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State bill aims to protect local pharmacies with tougher oversight of pharmacy benefit managers

Kiley Koscinski

Apr 24, 2024

A bipartisan group of state legislators from Allegheny County want to keep more neighborhood pharmacies in business by tightening regulations on the drug pricing market.

A bipartisan group of state legislators from Allegheny County want to keep more neighborhood pharmacies in business by tightening regulations on the drug pricing market.

State Reps. Jessica Benham (D-Pittsburgh) and Valarie Gaydos (R-Aleppo) have introduced legislation to establish the state's Insurance Department as an overseer of pharmacy benefit managers, who serve as an intermediary between pharmacies, drug manufacturers and insurance companies.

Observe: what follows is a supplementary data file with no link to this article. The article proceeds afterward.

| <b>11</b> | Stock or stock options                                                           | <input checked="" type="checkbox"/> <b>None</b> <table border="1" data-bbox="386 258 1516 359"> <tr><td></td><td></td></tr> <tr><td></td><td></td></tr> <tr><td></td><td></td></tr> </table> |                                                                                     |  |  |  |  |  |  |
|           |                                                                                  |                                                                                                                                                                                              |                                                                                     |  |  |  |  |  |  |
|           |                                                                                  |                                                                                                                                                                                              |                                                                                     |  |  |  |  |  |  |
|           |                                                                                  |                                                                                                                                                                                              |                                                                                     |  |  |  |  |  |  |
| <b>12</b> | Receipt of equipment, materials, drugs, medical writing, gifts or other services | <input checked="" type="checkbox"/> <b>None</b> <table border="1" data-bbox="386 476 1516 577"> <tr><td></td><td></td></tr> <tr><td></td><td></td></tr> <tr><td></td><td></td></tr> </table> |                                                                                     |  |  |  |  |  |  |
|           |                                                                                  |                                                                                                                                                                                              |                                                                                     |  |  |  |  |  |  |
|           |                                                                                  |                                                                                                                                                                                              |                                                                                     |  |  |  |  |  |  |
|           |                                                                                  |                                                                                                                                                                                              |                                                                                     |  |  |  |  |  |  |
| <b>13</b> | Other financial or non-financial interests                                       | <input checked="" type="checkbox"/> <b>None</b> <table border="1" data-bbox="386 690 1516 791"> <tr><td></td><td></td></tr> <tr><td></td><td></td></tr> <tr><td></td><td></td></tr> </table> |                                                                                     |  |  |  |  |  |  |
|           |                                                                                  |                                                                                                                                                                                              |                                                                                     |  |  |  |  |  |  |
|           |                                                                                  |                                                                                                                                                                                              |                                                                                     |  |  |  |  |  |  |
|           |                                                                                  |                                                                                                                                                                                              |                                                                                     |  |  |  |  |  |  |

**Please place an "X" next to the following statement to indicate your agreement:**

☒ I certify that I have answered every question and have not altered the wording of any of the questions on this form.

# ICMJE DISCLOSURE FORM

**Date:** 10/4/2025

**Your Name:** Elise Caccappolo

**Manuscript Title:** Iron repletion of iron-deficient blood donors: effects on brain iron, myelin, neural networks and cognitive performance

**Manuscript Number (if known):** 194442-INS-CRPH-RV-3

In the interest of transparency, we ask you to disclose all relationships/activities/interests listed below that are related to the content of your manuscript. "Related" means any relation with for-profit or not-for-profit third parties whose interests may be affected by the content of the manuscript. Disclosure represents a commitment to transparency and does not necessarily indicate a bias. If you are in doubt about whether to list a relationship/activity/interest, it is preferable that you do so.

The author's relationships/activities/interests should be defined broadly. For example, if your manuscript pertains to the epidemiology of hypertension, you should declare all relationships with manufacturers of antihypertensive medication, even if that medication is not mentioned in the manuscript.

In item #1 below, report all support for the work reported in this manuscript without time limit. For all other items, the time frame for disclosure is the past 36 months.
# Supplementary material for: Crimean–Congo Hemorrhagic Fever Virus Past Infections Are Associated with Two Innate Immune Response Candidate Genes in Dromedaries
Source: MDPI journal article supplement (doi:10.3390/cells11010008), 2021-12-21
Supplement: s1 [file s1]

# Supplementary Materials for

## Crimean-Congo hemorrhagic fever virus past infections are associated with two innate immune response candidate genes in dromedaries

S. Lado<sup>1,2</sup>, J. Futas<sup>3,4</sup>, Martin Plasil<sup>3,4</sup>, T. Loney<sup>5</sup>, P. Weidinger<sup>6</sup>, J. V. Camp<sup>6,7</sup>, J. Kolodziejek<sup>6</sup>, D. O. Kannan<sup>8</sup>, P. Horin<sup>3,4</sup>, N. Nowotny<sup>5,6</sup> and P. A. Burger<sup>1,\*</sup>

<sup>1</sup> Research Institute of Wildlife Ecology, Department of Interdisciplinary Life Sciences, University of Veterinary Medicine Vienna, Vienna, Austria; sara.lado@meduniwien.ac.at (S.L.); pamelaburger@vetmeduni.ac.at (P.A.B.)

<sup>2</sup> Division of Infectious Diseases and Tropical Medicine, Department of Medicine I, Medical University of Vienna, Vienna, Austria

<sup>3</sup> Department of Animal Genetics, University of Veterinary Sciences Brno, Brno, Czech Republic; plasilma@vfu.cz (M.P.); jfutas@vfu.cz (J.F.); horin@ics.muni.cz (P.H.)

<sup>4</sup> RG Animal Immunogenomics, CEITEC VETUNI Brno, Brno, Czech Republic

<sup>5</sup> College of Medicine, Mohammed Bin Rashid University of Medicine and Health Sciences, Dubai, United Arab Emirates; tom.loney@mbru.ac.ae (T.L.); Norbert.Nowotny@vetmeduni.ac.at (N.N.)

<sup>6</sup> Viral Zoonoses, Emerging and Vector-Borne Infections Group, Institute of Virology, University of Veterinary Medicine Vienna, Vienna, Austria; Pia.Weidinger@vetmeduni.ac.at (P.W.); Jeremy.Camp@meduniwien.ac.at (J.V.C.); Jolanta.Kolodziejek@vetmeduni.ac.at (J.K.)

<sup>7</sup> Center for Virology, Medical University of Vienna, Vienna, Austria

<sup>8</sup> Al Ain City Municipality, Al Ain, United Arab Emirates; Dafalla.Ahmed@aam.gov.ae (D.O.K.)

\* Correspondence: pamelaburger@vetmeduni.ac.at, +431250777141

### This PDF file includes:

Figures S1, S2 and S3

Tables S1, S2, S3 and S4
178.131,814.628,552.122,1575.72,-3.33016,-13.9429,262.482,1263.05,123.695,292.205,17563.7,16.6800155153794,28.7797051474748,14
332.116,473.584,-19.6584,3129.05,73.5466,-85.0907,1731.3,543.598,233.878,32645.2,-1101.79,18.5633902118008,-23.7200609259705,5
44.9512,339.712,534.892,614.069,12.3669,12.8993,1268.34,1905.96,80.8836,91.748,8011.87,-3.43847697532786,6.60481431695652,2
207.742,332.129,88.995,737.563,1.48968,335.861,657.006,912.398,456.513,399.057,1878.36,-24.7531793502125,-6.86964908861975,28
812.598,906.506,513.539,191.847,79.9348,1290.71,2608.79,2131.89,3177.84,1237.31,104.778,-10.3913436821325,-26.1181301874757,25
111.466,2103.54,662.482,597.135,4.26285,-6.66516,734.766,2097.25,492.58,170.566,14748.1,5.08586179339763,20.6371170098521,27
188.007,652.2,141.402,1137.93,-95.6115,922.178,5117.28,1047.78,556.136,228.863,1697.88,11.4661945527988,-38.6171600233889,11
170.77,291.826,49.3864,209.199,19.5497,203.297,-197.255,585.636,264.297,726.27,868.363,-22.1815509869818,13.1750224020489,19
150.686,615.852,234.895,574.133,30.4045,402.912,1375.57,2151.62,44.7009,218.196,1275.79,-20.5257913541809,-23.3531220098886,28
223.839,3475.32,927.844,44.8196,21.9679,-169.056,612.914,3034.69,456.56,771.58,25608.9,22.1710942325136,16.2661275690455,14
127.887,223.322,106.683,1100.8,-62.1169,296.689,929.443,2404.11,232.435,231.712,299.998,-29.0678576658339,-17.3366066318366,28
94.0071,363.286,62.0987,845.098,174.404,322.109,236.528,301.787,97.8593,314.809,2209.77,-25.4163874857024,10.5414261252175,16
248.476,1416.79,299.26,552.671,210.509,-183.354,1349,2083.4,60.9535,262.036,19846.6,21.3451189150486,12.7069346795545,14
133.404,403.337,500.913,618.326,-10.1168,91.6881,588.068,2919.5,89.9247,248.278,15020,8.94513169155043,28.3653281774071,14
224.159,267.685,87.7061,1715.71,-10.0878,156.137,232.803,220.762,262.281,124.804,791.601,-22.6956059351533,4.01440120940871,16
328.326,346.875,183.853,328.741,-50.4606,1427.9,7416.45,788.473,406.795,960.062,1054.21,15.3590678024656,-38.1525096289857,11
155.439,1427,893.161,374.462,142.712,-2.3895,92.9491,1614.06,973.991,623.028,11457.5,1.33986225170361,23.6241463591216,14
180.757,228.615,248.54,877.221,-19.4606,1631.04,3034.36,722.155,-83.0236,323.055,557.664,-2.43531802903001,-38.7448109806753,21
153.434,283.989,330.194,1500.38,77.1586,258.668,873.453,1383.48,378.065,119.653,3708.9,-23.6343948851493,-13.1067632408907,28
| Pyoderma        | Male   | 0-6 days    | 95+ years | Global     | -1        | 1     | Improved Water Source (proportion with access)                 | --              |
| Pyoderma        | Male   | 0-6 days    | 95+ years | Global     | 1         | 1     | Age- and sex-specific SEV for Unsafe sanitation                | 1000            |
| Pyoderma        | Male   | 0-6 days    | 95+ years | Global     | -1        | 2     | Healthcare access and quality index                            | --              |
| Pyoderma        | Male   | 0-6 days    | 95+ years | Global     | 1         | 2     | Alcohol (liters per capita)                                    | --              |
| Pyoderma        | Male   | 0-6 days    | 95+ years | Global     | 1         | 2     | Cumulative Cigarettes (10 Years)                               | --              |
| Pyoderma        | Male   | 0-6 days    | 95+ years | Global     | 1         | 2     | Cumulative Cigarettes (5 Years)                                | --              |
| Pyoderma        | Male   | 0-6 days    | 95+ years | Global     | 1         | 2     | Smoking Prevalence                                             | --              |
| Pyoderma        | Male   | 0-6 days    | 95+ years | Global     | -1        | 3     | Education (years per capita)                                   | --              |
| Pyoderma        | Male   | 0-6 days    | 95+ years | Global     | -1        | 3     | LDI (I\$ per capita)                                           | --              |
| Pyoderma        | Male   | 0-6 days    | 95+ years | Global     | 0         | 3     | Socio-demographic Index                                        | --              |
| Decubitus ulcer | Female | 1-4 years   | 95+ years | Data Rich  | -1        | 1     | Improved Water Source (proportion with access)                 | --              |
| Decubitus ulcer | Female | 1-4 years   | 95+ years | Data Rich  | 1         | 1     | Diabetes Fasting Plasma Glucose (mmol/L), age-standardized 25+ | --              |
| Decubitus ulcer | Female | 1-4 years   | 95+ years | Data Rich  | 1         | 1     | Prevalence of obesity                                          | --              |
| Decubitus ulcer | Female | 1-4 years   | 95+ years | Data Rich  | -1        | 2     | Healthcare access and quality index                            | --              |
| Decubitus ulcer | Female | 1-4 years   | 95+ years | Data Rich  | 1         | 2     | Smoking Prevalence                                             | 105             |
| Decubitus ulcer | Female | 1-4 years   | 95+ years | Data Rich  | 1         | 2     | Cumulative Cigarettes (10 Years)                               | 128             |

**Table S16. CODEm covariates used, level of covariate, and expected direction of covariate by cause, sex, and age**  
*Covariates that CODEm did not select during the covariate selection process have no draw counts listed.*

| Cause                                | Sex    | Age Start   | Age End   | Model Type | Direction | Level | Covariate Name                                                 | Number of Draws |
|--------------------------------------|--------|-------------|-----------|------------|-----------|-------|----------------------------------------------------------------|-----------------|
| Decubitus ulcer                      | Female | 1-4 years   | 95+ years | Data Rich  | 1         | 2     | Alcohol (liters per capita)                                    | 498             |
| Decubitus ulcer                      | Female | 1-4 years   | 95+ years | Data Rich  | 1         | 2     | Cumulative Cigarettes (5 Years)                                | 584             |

At a press conference Wednesday, Benham said that while large pharmaceutical companies gets most of the blame for America’s high drug prices, pharmacy benefit managers — or PBMS — also play a role.

“Right now, shadowy middlemen [are] working between the insurance companies and the pharmacies and unfairly directing consumers to the big guys,” she said. “Our locally owned pharmacies are trusted community institutions that deserve a level playing field with the big corporate chains.”

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Insurers work with PBMs to create a list of preferred drugs for their policy holders and to set plan costs for patients. PBMs emerged in the 1960s as an intermediary to help employers and insurers select medications for their health plans.

The industry exploded along with the growth in spending on prescription drugs. And just three firms — Express Scripts, CVS Caremark, and OptumRx — now control about 80% of the PBM market. Both of Pittsburgh’s largest health care insurers, UPMC and Highmark, use Express Scripts to administer benefits.

Supporters of the industry say PBMs help insurance plans reduce the cost of drugs — and insurance premiums. But critics say they can be a barrier for patients who need treatment.